The snowstorm that didn’t live up to expectations wasn’t a lot of fun for a few hours yesterday, but do you feel “pummeled” by it?
That’s what CBS said today, the storm pummeled millions, a figure derived by taking the total population of the area where it snowed. Sounds awful.
It was so bad that a CBS reporter, wearing no hat, had to exert effort to lift the snowball he’d made to show how much we’ve been pummeled.
The same reporter, standing by the river on Nicollet Island during a live shot on the CBS Evening News last night, declared another 8-12 inches of snow “is expected over the next 12-24 hours.” That was a lie; no one was predicting that.
On NBC’s Nightly News last night, a reporter properly highlighted the agony in Oklahoma, and gamely tried to transfer the urgency about the storm’s Minnesota appearance where the Mall of America, apparently, was paralyzed by clear parking lots. Well, except for that devastating pile of snow where the reporter staged her report.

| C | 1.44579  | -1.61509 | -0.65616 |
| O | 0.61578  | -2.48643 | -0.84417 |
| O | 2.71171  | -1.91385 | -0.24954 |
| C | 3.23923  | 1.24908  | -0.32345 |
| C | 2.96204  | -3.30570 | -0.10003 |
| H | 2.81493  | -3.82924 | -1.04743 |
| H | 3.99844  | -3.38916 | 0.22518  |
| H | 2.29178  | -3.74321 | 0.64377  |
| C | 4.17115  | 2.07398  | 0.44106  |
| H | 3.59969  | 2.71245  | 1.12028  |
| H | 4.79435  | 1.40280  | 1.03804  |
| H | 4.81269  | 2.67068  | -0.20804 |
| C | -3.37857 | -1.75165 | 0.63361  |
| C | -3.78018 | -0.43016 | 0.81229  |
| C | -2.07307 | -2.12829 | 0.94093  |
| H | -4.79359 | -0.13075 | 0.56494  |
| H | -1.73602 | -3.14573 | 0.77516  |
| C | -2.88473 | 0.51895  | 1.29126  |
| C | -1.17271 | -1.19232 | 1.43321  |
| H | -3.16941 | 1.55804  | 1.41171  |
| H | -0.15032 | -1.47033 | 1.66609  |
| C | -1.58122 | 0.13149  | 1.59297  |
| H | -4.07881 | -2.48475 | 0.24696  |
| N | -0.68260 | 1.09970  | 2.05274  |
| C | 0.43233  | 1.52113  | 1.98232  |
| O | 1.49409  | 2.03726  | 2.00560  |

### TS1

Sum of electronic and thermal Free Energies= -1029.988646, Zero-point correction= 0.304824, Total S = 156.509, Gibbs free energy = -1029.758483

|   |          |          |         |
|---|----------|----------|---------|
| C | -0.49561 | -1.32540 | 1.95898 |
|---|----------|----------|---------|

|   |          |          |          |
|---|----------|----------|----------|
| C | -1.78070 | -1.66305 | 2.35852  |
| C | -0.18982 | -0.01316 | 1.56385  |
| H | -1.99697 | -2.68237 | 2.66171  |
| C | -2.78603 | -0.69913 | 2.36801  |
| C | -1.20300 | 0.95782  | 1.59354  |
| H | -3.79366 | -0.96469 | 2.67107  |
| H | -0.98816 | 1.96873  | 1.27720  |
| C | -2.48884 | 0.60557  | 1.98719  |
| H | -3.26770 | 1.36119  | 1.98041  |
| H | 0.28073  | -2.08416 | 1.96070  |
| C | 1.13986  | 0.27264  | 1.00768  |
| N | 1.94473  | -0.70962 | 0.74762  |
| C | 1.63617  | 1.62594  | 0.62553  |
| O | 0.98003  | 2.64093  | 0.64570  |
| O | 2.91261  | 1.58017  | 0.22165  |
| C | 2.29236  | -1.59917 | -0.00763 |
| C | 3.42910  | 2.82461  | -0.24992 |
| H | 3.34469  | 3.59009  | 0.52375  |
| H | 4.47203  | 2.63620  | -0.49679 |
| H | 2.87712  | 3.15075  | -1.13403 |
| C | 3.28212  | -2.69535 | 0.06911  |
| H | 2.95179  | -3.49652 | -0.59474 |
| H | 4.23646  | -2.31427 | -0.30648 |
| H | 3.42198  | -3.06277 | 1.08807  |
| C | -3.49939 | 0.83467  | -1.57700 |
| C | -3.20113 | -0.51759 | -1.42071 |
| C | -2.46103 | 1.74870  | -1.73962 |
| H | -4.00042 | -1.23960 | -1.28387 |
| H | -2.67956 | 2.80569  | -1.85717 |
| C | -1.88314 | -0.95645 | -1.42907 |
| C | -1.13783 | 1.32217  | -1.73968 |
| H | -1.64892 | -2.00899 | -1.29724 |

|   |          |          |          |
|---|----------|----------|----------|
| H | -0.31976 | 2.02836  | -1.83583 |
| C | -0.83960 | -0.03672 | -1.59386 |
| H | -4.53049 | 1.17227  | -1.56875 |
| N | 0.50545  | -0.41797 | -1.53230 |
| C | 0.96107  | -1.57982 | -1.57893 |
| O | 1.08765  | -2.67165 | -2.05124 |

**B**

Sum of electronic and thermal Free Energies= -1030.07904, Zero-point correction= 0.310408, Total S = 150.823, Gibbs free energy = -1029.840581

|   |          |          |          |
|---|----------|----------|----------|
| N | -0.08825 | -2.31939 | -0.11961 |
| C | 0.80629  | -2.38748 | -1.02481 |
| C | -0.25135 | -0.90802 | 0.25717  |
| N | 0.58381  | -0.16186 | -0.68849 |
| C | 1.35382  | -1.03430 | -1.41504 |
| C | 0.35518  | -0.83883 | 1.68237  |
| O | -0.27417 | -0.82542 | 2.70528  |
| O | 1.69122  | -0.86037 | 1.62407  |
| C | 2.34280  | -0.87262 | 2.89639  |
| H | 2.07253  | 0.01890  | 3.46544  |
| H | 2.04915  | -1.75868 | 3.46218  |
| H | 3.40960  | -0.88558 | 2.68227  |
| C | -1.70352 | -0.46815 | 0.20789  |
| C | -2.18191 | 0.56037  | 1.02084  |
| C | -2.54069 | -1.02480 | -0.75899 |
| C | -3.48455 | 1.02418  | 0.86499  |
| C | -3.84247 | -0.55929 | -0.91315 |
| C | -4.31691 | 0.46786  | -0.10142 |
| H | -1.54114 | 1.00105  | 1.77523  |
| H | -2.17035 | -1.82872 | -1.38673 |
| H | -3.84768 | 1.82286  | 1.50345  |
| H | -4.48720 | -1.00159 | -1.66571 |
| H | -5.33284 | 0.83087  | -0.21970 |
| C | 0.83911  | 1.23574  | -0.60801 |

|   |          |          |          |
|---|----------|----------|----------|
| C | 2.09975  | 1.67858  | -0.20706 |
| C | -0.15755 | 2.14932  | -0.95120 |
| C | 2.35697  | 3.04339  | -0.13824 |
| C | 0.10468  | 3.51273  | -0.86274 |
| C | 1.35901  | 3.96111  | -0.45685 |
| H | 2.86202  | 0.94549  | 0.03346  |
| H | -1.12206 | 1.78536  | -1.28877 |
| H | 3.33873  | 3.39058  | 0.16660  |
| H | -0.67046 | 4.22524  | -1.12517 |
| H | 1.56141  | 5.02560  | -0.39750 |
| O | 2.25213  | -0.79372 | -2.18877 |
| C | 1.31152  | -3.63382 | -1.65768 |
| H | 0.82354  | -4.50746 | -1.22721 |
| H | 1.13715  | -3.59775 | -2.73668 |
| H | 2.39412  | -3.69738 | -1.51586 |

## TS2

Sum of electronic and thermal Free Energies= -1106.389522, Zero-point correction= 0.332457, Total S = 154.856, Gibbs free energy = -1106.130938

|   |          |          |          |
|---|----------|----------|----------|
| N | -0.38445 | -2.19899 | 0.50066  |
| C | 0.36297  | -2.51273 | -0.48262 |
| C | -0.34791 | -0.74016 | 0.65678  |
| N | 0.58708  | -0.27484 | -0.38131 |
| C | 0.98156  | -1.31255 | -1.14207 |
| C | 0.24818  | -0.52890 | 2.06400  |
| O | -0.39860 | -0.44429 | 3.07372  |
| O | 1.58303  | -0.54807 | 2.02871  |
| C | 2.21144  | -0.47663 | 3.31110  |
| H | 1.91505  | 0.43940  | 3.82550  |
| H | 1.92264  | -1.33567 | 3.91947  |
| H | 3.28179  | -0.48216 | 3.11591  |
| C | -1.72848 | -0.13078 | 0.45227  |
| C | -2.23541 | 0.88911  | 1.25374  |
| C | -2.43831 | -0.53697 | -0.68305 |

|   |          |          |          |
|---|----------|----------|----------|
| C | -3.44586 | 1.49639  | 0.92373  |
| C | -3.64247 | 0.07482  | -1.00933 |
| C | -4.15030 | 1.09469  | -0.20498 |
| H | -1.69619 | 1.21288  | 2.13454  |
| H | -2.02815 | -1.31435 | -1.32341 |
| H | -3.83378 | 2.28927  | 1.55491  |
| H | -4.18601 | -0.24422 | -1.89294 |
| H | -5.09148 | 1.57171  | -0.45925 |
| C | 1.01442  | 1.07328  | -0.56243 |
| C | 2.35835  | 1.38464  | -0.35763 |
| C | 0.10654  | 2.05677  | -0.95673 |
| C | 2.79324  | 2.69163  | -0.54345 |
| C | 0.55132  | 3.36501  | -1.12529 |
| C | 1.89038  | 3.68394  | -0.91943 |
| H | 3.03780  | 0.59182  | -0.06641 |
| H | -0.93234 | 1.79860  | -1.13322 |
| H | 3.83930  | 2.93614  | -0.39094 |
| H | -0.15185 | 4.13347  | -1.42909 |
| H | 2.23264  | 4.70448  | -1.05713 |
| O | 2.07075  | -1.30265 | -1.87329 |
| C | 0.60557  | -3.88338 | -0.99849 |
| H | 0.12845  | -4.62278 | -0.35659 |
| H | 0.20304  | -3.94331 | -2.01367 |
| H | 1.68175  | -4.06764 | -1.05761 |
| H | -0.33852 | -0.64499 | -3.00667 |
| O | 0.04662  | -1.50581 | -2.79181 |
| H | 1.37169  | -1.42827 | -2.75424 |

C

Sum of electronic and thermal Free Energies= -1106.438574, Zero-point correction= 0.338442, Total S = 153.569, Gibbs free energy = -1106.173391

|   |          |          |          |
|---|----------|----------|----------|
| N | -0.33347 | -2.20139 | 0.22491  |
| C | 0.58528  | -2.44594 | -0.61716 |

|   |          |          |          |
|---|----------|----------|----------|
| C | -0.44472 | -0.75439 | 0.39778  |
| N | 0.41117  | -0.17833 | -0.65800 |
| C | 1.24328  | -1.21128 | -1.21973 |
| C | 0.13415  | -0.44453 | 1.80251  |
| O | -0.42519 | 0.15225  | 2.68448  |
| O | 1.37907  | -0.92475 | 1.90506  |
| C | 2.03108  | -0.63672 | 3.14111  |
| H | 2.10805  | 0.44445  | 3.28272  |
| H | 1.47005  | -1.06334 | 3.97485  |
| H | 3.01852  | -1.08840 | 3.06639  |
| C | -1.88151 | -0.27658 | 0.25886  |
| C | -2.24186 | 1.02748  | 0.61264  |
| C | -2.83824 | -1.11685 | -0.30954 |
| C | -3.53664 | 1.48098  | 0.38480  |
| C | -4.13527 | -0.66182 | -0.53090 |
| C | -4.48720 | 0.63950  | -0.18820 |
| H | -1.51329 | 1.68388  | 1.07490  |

How do people survive living here?
ABC also made Minneapolis ground zero for its story. “The roads are only slush covered,” he declared, “but tomorrow morning’s commute is going to be a whole lot worse.” You wish, sir. It was fine.
“Potentially (this is) the biggest snowfall Minneapolis has seen in almost two years,” the meteorologist said.
Swing and a miss. Total snowfall in Minneapolis as of this morning: 3.4 inches.
The Weather Channel also shipped its star reporter, Jim Cantore, to Minneapolis, even though the weather story is in the southwestern U.S. and lower Midwest.
Nonetheless, he reported the weather as “gorgeous” this morning.
For the record, the storm was known on The Weather Channel as “Delphi”.
“If we were perennial weather-wimps living in Dallas, Atlanta or Washington D.C. a half foot of slush would be cause for panic, a run on stores,” meteorologist Paul Douglas wrote today. “Martial law. From the breathless media reports I saw yesterday you would have thought we were due for a volcanic eruption, tsunami or an alien invasion.”